Looking back at COVID-19’s impact on the Lowcountry and South Carolina

Local News

CHARLESTON, S.C. (WCBD) – In the year of the pandemic, we close out 2020 with vaccines now being administrated across the United States. We look back at the virus’ impact on the Lowcountry and how it has changed our community.

 On March 6th, the South Carolina Department of Health and Environmental Control announced the first two possible cases of COVID-19 in the state were under investigation. State health officials say more cases were likely, but at the time said the threat to the general public was low.

That would change about a week later.

“Effective immediately, I have ordered the closing of all schools in the state of South Carolina,” said Governor Henry McMaster on March 15th, announcing he has closed all schools, colleges and university amid a spike in cases.

“We know it’s going to spread, but we want it to be manageable. That’s why we’re taking these steps,” he said during the news conference.

Two weeks tuned into the rest of the school year, with parents, and students, forced into a new way of learning… and Zoom became a way of life.

At the end of March, Congressman Joe Cunningham became the first Lowcountry lawmaker to announce he had contracted the virus. His symptoms were very mild, despite losing taste and smell, he recovered at home.

More cancellations would be announced a time later. The annual Cooper River Bridge Run the Flowertown Festival and the tennis tournament at the Volvo Car Stadium were all postponed and eventually cancelled for the year, setting up the next big move by the governor.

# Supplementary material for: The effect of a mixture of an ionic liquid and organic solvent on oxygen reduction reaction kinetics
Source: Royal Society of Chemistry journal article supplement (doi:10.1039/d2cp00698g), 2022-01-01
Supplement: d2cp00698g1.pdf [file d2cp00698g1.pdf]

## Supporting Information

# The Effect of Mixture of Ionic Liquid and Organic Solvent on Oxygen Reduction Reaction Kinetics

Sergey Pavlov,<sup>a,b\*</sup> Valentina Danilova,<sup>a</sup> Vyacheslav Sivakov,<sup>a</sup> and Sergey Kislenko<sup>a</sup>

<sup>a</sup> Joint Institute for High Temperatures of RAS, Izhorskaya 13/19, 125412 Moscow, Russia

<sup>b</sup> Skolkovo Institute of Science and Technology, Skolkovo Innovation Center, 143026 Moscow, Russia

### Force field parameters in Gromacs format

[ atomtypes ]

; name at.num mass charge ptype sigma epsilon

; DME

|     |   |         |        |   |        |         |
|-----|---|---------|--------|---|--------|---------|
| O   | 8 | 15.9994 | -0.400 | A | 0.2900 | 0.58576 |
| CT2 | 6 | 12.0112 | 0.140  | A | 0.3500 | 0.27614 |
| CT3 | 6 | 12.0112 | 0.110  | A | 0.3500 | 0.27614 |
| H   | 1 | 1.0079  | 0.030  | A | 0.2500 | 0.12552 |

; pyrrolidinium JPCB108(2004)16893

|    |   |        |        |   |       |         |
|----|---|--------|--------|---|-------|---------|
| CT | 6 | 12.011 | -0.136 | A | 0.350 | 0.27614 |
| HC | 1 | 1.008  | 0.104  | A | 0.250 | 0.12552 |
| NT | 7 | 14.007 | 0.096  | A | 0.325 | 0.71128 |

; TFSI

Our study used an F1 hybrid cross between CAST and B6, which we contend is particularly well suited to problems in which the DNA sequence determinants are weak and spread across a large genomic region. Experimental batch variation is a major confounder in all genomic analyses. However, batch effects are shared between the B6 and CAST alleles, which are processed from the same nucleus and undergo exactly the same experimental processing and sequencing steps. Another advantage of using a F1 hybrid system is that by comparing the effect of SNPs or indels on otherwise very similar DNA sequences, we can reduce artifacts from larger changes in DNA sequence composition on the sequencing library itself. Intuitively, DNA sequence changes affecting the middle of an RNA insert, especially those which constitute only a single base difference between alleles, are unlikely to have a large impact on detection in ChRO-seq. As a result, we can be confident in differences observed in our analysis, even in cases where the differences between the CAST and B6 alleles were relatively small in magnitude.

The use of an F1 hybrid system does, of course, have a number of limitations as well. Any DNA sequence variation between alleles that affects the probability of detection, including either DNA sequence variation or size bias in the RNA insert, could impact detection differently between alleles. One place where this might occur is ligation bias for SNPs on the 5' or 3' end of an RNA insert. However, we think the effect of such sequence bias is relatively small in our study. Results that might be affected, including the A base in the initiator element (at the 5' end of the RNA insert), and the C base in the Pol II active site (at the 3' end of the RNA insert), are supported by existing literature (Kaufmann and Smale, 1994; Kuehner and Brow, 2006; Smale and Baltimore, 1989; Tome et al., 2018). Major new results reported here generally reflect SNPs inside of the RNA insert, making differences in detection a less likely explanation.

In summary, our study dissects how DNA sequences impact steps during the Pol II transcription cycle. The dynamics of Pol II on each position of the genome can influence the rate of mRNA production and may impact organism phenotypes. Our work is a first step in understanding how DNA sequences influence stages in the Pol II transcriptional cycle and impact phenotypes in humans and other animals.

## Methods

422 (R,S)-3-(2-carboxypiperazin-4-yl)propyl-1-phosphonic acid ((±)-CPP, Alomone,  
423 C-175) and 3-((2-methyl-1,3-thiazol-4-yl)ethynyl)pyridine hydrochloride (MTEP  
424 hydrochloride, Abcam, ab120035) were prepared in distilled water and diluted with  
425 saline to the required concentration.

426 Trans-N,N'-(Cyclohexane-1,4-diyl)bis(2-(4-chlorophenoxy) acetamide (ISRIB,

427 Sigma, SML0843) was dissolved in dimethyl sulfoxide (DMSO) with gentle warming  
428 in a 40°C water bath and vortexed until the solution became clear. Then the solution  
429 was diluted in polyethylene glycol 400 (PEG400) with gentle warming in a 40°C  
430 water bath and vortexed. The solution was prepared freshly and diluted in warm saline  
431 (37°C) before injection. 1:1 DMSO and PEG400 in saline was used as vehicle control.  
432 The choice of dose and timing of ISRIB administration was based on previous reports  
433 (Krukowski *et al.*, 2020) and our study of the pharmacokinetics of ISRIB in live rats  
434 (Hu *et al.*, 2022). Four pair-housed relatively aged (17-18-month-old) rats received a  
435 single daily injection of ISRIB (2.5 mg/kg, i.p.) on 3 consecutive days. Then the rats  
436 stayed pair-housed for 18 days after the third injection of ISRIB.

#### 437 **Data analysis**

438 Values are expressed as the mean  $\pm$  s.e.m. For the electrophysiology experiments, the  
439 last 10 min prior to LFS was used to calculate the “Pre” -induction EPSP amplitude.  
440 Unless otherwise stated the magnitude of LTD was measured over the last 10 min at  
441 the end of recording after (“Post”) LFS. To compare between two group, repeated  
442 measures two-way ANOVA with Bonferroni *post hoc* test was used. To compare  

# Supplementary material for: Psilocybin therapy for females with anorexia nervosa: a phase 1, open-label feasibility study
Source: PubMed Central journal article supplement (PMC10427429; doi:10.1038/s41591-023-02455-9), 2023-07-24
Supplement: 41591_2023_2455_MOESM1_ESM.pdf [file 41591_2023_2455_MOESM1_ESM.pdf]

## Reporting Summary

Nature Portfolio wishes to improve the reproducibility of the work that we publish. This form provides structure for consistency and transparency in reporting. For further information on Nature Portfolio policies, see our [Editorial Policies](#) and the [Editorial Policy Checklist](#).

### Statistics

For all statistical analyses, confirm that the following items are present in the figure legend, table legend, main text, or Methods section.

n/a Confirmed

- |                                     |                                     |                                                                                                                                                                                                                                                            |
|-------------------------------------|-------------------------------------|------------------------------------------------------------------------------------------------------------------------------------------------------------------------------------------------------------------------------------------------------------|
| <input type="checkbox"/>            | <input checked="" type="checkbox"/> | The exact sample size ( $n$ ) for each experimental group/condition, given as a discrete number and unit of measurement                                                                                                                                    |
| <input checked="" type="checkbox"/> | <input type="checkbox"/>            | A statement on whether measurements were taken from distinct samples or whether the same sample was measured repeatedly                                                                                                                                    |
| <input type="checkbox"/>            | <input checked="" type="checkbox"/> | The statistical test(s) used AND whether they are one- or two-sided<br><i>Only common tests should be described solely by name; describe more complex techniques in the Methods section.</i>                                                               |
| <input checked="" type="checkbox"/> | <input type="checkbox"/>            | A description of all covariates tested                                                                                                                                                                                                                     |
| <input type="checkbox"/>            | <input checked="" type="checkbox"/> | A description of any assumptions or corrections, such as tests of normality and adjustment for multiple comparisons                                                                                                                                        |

“I am issuing a mandatory home or work order,” Governor McMaster announced from the state’s emergency operations center in Columbia.

On April 6th, following the City of Charleston and Town of Mount Pleasant issuing ‘stay at home’ orders to flatten the curve, Gov. McMaster issued that ‘home or work’ order and closed all non-essential businesses, limiting restaurant to carry out or delivery only.

Like most of the country, it had predictably devastating economic impacts, and in early May, facing pressure from the struggling economy and thousands losing their jobs, McMaster lifted his orders, and allowed indoor dining to resume with capacity restrictions, barber shops and salons later reopened in mid-May.

“If these numbers aren’t a spike, I don’t know what is,” said Mount Pleasant Mayor Will Haynie during a news conference, showing an increase in cases.

With case counts surging after Memorial Day, and the reopening of beaches, mask mandates started spreading through the state in July.

“These are not numbers we should be proud of, so what can we do? The simplest thing is to require masks,” said Mayor Haynie.

Those mandates impacted a majority of the Lowcountry.

Then, July brought more cancellations. Fireworks displays were reduced to backyard shows. And as numbers in South Carolina started to show promise, parents held out hope that school year would start on time and back in the classroom.

But July also brough another alarming first; the first confirmed cases of MIS-C in South Carolina. A rare inflammatory condition impacting children associated with COVID-19.

“For the number of people in South Carolina, which is fewer than a lot of other states, you know, we have a population similar to New York City, so if you keep that in mind, South Carolina has seen a large number of MIS-C cases, which is very worrisome.”

By the end of August, the Medical University of South Carolina would become the first in the country authorized to use a treatment for MIS-C called Ryoncil, a treatment that shows great promise. Come the end of the year, we are still dealing with the pandemic. Cases are spiking once again, schools

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